There was plenty of racing on the schedule this past weekend, with a little something for everybody. Formula 1 took to the streets of Melbourne’s Albert Park for the Australian Grand Prix while NASCAR’s Nextel Cup and Craftsman Truck series were bumpin’ and bangin’ on the historic half-mile paper clip at Martinsville, Va. The Indy Racing League bounced back from its tragic weekend at Homestead with a road race on the airport/street circuit in St. Petersburg, with the Speed World Challenge series on the undercard, and the NHRA shook the earth at Houston Raceway Park.
Formula 1: Alonso Dominates in Australia
Defending World Champion Fernando Alonso claimed his second victory of the season in the Grand Prix of Australia on Sunday in dominant fashion, while chaos reigned behind him.
In years past, the Australian GP has been the season opener. As a result of moving it up to the third race of the season (to accommodate the Commonwealth Games), temperatures at the Albert Park street circuit were lower than in years past. This, plus four safety-car periods, made it difficult for the teams to keep sufficient heat in their tires. Consequently there were a number of spins and crashes, resulting in 10 of the 22 starters failing to finish.
Jenson Button started from pole, Honda’s first as a manufacturer since 1968, but he was quickly dispatched by Alonso’s Renault and was never a factor in the race for the lead afterwards, struggling with tire temperatures on the restarts following the safety car periods. McLaren’s Kimi Raikkonen ran second most of the race, but was hampered mid-race by vibrations from a flat-spotted front tire and a damaged front wing. He set the race’s fastest lap on the final lap enroute to second place. The 1.829sec margin of victory was not representative of the race, as Alonso slowed in the closing laps after pulling out a 9sec lead.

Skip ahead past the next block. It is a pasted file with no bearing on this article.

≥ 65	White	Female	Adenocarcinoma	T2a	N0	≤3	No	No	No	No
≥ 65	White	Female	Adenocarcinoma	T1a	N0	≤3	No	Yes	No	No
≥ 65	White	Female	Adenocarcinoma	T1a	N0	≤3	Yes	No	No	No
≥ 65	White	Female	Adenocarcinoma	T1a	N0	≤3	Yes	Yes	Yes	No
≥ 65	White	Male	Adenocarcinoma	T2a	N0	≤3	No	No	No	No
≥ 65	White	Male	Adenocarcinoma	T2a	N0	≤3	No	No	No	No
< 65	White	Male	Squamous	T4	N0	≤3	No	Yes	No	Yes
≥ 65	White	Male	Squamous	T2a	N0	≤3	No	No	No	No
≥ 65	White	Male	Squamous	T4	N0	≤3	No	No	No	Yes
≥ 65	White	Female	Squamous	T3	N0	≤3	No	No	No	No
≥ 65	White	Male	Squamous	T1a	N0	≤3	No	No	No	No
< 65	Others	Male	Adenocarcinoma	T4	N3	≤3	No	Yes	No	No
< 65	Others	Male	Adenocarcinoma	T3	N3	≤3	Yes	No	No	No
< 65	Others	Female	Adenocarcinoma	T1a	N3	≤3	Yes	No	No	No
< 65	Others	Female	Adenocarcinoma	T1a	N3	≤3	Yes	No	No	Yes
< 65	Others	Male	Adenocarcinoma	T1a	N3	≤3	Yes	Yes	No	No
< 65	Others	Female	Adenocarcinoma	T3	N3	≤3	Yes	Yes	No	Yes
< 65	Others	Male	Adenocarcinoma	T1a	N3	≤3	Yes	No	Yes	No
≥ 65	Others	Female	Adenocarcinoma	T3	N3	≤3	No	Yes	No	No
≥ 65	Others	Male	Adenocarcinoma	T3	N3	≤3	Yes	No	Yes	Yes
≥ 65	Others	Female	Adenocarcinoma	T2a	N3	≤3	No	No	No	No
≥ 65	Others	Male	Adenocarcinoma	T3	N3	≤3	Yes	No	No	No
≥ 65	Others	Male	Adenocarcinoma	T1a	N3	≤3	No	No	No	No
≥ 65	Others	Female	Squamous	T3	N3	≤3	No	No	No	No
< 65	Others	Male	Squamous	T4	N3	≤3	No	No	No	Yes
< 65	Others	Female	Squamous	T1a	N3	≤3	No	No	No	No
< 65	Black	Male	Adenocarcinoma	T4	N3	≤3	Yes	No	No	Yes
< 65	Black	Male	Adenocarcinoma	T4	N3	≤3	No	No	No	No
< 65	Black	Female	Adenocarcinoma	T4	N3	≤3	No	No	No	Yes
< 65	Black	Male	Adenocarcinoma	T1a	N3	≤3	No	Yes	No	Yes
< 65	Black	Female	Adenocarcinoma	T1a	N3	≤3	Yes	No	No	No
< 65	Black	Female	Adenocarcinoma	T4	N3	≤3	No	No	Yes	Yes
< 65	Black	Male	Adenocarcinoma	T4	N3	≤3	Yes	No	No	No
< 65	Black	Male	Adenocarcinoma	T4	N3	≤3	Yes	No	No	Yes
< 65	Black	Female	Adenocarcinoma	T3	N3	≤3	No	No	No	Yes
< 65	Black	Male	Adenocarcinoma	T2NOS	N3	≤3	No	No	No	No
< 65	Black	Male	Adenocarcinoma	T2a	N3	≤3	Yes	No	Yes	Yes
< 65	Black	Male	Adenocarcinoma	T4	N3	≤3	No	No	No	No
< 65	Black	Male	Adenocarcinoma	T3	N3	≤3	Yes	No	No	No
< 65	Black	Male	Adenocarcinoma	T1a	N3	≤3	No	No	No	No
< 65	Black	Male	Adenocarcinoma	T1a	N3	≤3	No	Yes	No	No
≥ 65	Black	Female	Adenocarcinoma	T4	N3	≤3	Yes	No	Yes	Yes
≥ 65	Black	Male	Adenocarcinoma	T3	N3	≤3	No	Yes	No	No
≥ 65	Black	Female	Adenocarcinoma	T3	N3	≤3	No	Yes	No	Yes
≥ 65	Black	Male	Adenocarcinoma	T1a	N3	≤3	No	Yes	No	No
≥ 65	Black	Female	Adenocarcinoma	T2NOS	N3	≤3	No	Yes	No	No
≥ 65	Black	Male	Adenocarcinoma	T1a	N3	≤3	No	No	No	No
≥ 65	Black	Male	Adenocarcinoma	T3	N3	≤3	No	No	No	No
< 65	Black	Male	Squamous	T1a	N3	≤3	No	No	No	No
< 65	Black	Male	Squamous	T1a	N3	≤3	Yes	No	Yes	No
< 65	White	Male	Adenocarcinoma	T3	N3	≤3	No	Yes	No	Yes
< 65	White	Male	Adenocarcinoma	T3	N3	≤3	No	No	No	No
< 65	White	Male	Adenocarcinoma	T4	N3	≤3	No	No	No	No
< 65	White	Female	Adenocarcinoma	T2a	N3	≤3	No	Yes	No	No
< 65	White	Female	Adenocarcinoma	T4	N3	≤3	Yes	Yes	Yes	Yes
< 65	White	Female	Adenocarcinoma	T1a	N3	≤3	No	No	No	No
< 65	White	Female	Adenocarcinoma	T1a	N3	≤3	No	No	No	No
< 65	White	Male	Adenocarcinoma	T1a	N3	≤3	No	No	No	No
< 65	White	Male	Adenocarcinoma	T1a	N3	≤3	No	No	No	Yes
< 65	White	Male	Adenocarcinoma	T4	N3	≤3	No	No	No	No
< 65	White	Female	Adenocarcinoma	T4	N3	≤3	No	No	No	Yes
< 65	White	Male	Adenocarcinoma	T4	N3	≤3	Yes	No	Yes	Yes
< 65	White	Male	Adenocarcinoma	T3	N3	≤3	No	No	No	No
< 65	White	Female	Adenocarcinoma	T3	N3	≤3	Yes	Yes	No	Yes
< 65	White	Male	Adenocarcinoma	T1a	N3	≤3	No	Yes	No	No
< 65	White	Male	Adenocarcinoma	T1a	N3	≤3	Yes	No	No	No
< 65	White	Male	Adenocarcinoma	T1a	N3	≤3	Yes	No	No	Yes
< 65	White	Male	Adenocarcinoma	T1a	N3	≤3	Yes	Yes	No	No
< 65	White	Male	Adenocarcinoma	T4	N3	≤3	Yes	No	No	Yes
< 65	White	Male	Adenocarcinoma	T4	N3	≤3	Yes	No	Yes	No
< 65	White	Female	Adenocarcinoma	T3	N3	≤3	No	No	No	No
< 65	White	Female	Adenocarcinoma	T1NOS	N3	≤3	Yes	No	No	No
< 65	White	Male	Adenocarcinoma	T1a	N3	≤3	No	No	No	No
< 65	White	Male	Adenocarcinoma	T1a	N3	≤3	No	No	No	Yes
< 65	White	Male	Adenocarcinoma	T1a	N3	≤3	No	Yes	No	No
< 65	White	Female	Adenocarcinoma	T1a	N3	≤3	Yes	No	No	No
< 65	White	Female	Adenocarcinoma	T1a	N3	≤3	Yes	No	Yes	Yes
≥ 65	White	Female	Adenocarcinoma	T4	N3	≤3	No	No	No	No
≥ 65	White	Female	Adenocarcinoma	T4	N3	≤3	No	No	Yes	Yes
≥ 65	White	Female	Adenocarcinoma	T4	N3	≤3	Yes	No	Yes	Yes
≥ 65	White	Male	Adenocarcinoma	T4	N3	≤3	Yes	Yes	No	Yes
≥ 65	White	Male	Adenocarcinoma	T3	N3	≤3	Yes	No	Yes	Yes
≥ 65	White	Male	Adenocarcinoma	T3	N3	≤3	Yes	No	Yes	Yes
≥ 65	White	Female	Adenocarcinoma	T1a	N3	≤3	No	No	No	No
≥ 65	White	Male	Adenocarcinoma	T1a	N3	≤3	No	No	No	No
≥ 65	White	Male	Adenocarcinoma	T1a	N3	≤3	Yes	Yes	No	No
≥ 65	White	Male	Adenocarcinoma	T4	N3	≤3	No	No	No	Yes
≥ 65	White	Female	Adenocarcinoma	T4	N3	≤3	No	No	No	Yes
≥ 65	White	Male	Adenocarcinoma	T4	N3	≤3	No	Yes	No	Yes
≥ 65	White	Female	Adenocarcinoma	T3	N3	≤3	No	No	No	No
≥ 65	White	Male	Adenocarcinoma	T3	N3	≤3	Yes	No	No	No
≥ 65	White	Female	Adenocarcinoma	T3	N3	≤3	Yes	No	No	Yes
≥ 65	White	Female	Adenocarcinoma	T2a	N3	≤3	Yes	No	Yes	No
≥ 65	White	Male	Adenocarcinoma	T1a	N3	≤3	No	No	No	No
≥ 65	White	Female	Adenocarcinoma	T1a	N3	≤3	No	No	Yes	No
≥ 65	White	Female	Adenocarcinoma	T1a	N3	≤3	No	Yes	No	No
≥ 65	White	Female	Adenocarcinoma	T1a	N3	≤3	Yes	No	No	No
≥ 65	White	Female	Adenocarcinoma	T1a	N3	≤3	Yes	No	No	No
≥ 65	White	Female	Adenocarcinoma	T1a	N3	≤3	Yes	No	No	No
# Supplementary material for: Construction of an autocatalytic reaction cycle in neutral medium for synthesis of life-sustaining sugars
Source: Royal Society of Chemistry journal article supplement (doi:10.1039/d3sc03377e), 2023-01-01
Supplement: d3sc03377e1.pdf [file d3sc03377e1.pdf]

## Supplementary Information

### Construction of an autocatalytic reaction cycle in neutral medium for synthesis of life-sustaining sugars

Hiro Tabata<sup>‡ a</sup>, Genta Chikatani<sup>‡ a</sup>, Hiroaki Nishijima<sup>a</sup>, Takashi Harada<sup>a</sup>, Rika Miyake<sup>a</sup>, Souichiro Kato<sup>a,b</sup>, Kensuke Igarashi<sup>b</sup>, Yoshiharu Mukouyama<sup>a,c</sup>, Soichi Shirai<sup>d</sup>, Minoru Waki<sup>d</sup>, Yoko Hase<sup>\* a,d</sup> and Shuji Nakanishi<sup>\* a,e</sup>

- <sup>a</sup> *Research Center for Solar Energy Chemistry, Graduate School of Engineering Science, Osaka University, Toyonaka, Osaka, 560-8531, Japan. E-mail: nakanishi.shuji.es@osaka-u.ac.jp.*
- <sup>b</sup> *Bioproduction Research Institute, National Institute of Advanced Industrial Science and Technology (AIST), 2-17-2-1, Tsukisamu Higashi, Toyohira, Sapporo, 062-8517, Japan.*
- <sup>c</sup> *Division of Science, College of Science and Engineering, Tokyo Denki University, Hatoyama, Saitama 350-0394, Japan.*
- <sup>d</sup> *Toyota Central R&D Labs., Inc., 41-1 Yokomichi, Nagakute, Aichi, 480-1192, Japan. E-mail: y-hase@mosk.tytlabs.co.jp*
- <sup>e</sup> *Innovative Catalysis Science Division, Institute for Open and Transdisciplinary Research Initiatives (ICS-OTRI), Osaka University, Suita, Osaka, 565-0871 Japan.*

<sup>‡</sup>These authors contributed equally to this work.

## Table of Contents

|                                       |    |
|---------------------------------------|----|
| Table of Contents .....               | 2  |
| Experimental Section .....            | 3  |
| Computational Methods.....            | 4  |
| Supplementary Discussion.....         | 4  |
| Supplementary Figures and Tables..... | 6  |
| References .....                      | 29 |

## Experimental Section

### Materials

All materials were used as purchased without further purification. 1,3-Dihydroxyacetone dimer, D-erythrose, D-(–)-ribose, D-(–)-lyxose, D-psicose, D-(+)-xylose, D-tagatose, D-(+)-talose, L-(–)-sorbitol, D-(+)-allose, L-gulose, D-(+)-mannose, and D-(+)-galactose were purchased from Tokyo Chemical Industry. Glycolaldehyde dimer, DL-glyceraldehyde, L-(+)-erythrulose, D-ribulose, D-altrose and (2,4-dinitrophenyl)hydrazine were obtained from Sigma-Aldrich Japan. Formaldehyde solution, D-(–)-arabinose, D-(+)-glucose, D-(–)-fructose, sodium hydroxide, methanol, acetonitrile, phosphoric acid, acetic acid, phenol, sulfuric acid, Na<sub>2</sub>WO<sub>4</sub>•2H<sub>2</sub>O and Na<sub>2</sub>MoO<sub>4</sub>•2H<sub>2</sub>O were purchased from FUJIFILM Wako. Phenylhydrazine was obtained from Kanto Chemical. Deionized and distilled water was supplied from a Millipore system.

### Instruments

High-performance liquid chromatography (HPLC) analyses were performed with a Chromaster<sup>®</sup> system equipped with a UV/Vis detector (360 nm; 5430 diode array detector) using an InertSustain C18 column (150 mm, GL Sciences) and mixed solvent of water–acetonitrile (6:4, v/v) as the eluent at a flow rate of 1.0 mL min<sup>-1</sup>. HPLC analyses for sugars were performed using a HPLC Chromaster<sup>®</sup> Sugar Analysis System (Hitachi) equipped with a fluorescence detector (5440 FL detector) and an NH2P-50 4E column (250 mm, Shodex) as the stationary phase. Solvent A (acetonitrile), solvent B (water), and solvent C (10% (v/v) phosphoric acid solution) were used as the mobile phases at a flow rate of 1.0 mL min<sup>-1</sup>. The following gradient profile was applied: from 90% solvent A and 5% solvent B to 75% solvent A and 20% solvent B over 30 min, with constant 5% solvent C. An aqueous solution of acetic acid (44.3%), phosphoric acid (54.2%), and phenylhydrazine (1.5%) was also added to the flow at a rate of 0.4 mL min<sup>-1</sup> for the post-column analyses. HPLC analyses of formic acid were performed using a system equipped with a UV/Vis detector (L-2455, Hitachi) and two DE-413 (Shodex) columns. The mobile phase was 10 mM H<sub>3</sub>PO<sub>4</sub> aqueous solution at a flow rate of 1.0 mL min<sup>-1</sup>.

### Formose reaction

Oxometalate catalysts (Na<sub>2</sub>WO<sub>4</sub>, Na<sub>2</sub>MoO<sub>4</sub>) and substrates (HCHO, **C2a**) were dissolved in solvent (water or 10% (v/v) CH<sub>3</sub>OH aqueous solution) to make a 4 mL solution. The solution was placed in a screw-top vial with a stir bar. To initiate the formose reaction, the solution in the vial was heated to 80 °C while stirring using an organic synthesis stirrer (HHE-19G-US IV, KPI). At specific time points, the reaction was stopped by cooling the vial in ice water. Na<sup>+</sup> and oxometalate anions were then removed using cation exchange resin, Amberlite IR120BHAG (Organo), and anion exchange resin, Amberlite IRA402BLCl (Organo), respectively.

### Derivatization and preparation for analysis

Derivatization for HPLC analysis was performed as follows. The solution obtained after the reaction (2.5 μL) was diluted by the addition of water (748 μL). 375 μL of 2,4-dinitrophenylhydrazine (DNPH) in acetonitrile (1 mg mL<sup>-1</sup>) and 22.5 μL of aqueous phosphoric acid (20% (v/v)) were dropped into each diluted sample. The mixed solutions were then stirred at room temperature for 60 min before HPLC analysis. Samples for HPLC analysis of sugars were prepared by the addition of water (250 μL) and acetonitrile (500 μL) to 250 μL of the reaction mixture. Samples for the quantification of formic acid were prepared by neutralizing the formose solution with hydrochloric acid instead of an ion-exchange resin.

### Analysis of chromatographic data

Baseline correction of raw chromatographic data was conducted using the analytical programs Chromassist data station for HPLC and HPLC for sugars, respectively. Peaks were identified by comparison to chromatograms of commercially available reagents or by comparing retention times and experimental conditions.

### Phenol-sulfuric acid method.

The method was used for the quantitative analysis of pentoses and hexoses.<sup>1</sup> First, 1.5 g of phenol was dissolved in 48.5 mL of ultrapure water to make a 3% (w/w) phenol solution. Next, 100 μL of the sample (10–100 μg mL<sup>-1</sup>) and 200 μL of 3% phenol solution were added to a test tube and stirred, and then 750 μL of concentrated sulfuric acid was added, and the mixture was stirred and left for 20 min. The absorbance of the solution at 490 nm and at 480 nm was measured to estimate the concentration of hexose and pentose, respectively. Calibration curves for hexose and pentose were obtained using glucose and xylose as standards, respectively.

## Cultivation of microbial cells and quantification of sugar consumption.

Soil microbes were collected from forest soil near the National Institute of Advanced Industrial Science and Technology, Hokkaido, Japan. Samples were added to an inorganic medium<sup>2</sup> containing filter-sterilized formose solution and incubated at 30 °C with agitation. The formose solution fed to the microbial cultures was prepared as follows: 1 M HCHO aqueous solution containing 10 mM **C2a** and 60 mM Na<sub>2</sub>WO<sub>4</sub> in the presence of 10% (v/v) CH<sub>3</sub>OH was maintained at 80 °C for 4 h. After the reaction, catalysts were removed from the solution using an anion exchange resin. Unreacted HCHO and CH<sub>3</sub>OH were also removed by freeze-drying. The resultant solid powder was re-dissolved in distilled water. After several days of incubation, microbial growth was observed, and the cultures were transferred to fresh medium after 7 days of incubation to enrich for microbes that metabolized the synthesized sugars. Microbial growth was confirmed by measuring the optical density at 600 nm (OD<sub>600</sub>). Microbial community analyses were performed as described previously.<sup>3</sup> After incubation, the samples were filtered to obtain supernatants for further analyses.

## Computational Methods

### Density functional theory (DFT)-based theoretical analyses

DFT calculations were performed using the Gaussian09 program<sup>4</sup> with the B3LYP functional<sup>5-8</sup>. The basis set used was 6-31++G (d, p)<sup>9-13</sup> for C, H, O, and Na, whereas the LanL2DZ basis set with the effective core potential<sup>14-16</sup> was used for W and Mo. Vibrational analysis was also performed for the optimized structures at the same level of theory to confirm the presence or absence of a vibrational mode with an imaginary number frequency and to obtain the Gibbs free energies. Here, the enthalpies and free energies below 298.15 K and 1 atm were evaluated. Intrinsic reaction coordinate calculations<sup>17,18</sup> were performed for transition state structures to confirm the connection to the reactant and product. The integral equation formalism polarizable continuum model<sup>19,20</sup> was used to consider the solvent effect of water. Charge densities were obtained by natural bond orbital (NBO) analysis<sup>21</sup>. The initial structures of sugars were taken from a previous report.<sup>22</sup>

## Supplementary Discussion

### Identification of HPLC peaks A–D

Toyota’s Ralf Schumacher had perhaps the drive of the race to finish third. He started sixth and ran competitively all day. He was dropped back in the field midrace by a drive-through penalty for speeding in the pit lane, and was helped by the many safety-car periods and attrition to claim Toyota’s first podium appearance of the year.
Nick Heidfeld put in the best performance of the season to date for BMW-Sauber to take fourth, followed by Alonso’s teammate Giancarlo Fisichella, who had to start from the pit lane after stalling on the grid and causing the original start to be called off. Heidfeld’s teammate Jacques Villeneuve, Honda’s Rubens Barrichello and Red Bull Racing’s David Coulthard claimed the final points-paying positions. Scuderia Toro Rosso’s American driver, Scott Speed, was originally classified eighth but was penalized 25sec for passing under the yellow, promoting Coulthard and dropping Speed to 11th.
The day’s hard luck award went to Jenson Button, who started from the pole (the first for Honda as a manufacturer since 1968). He had trouble keeping his tires warm and was unable to fend off Alonso and Raikkonen at the start. The many safety car periods exacerbated his problem, relegating him to fifth in the closing laps, struggling to hold off Fisichella. Then his engine blew in spectacular fashion in the last corner of the last lap, and he pulled off before the finish line, mindful of the rule that will allow him to change engines without penalty for the next race since he did not take the checkered flag.
The teams head home to Europe now, and will be back in action in three weeks at Italy’s Imola circuit for the Grand Prix of San Marino.
Grand Prix of Malaysia Top Five:
1) Fernando Alonso, No. 1 Renault, 57 laps
2) Kimi Raikkonen, No. 3 McLaren/Mercedes-Benz, -1.829sec
3) Ralf Schumacher, No. 7 Toyota, -24.824sec
4) Nick Heidfeld, No. 16 BMW-Sauber, -31.032sec
5) Giancarlo Fisichella, No. 2 Renault, -38.421sec
Driver’s Championship: 1) Fernando Alonso, 28; 2) Giancarlo Fisichella, 14; 3) Kimi Raikkonen, 14; 4) Michael Schumacher, 11; 5) Jenson Button, 11.